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Autumn 2008

Autumn 2008

"We cool?” Stewart Lochrie is most definitely hooked

A Braw Day On The Braan Brian Tulloch enjoys a fine day on a lovely highland stream

A Female Angle Yvonne Cowie proves that salmon fishing is not just for the boys

A perfectly good boat of my own Bruce Sandison on the Isle of Barra

Highland Hill Lochs Big-Country Style Ian Cramman seeks ‘loch’ trout in wild Wyoming

Nymph Mania Encounters with river nymphs by Alex Laurie

Wendy’s Big Trout Joe Whoriskey visits Glen Affric

Get Lost!
Weather to go? John Cargill gets blown away in Skye

Short Lines
Failing Miserably John Cargill does what he does best

Getting Articulated A play on words with Bob Graham

Back Casts
A Learning Curve How Vince Smith became hooked for life

The Tweed at Melrose – 1952. Bob Graham recalls a red-letter day

Fly Tying
Step by Step with Dennis Shaw The Snatcher

Virtual Fly Box
The Butcher Family Alan Goodwin takes a look at some famous flies

Tackle Reviews
Pitsford Pirate Floating Fly Lines Reviewed by Fred Carrie

Book Reviews
Skues On Trout Reviewed by Peter McCallum

Northern Climes
Fish Farming Shetland-Style First Published September, 2007

Fishing Fiction
Adventures of Vushwelt and Kachsum’or A Tale By Sandy Birrell

Failing Miserably
John Cargill does what he does best
(click any thumbnail image for a larger version)

I blanked in the chipper the other day. “Nah – there’s nae fish” the white coated girl had said to me – adequately summarising my season so far, it seemed, in just four short words. That’s a bit unfair, perhaps, as I’ve caught a few wee fellas this season, but none individually would’ve required more than half a thimble full of batter and collectively, whilst a fish terrine might’ve been possible - one slice of toast would’ve been more than adequate accompaniment. I try to be philosophical about it though and take that well used stance “It’s not just about catching fish you know.” which of course is the first line of defence for us anglers when it’s not going so well. It seems I’m sulking about it though. “Cheer up” the big lad said to me the other day in the pub. I hadn’t realised my fishing woes were so evident and forced a smile, a brief smile.

I’ve moved to a Perthshire town, you know, a wee, quiet town steeped in customs and traditions. There’s the ancient tradition of making gingerbread horses and the local pub has some ancient and quaint customs such as throwing the drink at the barman or the, more lively, throwing the bar stool at the gantry. Even in my new local though, fishing failure seems to follow me around. During another sulking session in the pub, in a quiet spell when historic traditions were not being observed, I was blethering to some of the guys gathered there. I’d been trying to find out whether a permit is required to fish for trout in the local river when this guy, sitting quietly in the corner, piped up. “I was down there fishing the other night - I had two trout.” “Any size?” I’d asked. “Two pounds an’ two an’ a half” he’d replied in a dismissive sort of way, the implication being that this was a fairly normal occurrence. He’d asked me too if I’d like to go fishing down on the river with him – I’d sort of mumbled a non committal response. I can picture it in my head – me standing there in the river with four inches of river trout (two fish) dangling from my rod, whilst two pounders lie resplendently multiplying at his feet. I don’t think I could take that. I turned round, shut up, and got back to some sulking.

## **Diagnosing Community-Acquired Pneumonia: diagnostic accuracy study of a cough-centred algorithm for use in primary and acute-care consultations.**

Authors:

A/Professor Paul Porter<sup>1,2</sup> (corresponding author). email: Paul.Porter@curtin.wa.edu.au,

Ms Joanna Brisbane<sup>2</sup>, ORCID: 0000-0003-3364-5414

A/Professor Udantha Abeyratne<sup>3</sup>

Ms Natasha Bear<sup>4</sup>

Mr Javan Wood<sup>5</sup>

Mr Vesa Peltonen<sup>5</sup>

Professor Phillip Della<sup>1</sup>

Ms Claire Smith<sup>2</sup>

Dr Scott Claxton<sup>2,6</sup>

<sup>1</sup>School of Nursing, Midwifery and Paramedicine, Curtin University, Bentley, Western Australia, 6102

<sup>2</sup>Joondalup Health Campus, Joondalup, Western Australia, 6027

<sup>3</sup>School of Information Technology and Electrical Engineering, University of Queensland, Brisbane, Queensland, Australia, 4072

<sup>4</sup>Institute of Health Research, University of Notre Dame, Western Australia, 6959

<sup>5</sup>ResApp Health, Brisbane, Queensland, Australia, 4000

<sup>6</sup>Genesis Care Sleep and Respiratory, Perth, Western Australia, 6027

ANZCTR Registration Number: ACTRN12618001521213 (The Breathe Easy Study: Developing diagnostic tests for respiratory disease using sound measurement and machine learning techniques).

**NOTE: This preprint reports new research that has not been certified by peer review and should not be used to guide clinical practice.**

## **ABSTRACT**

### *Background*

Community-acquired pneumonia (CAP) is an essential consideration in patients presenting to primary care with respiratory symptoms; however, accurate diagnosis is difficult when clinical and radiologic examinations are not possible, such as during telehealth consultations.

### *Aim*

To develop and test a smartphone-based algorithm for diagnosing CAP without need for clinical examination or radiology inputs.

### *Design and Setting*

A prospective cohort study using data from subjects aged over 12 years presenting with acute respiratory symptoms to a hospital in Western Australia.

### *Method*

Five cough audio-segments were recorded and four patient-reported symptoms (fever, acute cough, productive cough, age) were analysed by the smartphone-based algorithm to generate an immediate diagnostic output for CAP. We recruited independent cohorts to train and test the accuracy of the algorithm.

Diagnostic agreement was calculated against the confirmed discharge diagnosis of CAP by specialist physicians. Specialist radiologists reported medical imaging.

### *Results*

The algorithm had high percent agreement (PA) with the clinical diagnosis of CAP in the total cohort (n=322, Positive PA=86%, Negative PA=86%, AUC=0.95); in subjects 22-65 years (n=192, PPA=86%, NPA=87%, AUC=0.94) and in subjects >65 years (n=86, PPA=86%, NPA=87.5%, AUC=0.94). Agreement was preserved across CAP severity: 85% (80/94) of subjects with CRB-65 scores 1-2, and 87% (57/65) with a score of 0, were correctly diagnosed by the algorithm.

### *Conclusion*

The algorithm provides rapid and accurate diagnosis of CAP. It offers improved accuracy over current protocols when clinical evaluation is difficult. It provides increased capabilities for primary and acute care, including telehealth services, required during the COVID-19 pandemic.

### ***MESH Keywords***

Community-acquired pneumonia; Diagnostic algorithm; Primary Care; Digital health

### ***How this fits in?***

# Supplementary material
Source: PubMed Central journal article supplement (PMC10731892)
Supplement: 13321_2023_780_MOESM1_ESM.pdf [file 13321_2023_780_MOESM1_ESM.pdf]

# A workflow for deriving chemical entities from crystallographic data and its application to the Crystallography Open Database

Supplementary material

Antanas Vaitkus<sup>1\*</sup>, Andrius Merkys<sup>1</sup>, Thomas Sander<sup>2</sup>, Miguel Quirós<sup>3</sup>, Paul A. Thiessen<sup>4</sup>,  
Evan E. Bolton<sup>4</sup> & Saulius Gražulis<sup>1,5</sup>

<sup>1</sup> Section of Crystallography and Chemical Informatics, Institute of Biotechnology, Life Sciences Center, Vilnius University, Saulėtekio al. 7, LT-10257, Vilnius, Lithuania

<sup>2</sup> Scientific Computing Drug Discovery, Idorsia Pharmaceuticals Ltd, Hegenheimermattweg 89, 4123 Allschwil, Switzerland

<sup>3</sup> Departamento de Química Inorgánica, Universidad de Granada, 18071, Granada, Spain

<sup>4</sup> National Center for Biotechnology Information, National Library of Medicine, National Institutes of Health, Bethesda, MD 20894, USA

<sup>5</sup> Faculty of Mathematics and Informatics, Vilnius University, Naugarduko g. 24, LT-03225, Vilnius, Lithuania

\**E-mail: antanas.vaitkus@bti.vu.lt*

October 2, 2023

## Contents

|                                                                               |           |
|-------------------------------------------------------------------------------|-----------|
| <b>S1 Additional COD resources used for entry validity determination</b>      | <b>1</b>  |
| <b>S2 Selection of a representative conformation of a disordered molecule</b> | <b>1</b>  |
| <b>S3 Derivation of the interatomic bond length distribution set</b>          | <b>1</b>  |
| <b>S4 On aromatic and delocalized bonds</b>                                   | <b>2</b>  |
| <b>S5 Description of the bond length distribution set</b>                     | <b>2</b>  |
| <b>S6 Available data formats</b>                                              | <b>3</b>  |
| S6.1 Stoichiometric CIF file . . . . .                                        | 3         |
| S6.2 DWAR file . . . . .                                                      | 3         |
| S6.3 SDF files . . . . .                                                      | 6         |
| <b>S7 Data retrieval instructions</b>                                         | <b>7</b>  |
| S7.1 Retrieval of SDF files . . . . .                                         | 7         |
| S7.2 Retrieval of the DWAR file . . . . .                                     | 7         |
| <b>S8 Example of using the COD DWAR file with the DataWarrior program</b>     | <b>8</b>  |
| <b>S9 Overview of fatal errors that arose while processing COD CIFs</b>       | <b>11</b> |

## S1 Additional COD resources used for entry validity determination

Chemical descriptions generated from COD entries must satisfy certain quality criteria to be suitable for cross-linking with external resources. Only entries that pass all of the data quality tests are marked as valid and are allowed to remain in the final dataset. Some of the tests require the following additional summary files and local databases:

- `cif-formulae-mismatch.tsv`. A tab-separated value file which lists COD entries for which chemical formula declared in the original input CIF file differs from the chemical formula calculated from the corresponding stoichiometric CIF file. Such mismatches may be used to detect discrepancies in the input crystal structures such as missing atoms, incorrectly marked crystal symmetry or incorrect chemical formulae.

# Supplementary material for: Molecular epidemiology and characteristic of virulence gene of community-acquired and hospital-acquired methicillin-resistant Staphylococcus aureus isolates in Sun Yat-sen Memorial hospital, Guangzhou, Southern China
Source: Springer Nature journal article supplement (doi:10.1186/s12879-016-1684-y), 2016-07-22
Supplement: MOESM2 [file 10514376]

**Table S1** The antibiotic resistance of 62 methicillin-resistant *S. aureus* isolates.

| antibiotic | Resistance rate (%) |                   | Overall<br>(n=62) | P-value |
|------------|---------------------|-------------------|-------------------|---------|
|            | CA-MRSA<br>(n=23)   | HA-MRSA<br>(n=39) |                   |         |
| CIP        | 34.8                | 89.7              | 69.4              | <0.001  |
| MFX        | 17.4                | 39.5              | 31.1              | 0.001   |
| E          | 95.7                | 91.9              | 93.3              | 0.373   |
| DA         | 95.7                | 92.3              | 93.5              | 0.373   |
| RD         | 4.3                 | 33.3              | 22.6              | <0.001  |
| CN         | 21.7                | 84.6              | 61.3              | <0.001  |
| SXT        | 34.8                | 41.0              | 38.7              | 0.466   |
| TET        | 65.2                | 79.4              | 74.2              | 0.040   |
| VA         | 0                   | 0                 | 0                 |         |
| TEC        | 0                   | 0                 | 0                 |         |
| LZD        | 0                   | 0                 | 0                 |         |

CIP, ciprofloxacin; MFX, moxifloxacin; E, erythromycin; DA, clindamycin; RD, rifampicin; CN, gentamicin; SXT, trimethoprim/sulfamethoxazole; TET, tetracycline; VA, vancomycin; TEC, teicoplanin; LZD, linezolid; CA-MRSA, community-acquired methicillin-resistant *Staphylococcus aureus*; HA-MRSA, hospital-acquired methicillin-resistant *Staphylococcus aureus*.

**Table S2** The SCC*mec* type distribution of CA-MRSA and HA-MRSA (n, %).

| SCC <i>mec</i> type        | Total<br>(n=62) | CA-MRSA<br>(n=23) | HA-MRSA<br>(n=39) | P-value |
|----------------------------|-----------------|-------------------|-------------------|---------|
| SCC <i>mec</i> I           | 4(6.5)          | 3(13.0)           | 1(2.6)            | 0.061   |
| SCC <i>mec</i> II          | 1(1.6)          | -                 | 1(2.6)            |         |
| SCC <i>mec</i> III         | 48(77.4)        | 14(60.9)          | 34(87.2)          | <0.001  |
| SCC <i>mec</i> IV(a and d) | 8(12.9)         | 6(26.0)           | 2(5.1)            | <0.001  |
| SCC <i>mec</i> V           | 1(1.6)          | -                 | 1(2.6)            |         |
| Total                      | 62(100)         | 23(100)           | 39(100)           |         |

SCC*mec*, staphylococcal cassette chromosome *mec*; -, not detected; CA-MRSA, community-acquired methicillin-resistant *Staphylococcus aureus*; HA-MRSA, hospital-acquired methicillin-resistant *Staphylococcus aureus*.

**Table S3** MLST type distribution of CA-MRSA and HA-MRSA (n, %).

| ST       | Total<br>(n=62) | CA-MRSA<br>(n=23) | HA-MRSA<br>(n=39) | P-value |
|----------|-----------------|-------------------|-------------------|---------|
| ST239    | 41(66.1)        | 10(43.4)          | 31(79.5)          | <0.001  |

I’ve discovered too that too much sulking is bad for my health. The longer I sulk in the pub, the sorer my head is in the morning. The other day, after a particularly long sulk in the pub, I headed up to my local loch with my head pounding. A lovely looking fishing day too, my head cleared and I set about the business of catching big uns. I should’ve known better though, catching eight of the smallest trout in the history of modern day (and latter day) angling. I packed up my gear, went home, went to the pub and sulked.

My sulking’s beginning to worry me a wee bit now though, so much so that sometimes I find myself sulking about my sulking. In a brief moment of clarity, somewhere between desperation and abject misery and the fourth and fifth pint, I decided to consult my psychologist. I saw her just the other day too. I went on a bit, I suppose, ranted on about my fishing failures and my concern for the ensuing sulking. She waited patiently for me to stop ranting, fastened the cap on her nail varnish bottle and looked at me as if I was mad – not an unreasonable assumption in a mental hospital, I suppose. “Have you tried an Invicta?” she’d said as she eyed her toe nails through her open toed shoes. What else could I do? I went home, went to the pub and I sulked.

The big lad came into the pub the other day. He glanced briefly at me and hastily made his way to the other end of the bar, shaking his head, to regale with all the other locals who were all gathered there. For a brief moment, I considered joining them as they laughed and joked in the afternoon sun and one day hopefully I will. Until then, I’ll just do what I do best - failing miserably.
John Cargill grew up in Arbroath where he developed a passion for fishing the local burns. John fishes mainly lochs these days and, money providing, travels all over Scotland in pursuit of 'troots'. John is a self-employed I.T. consultant and lives in Perthshire, Scotland.

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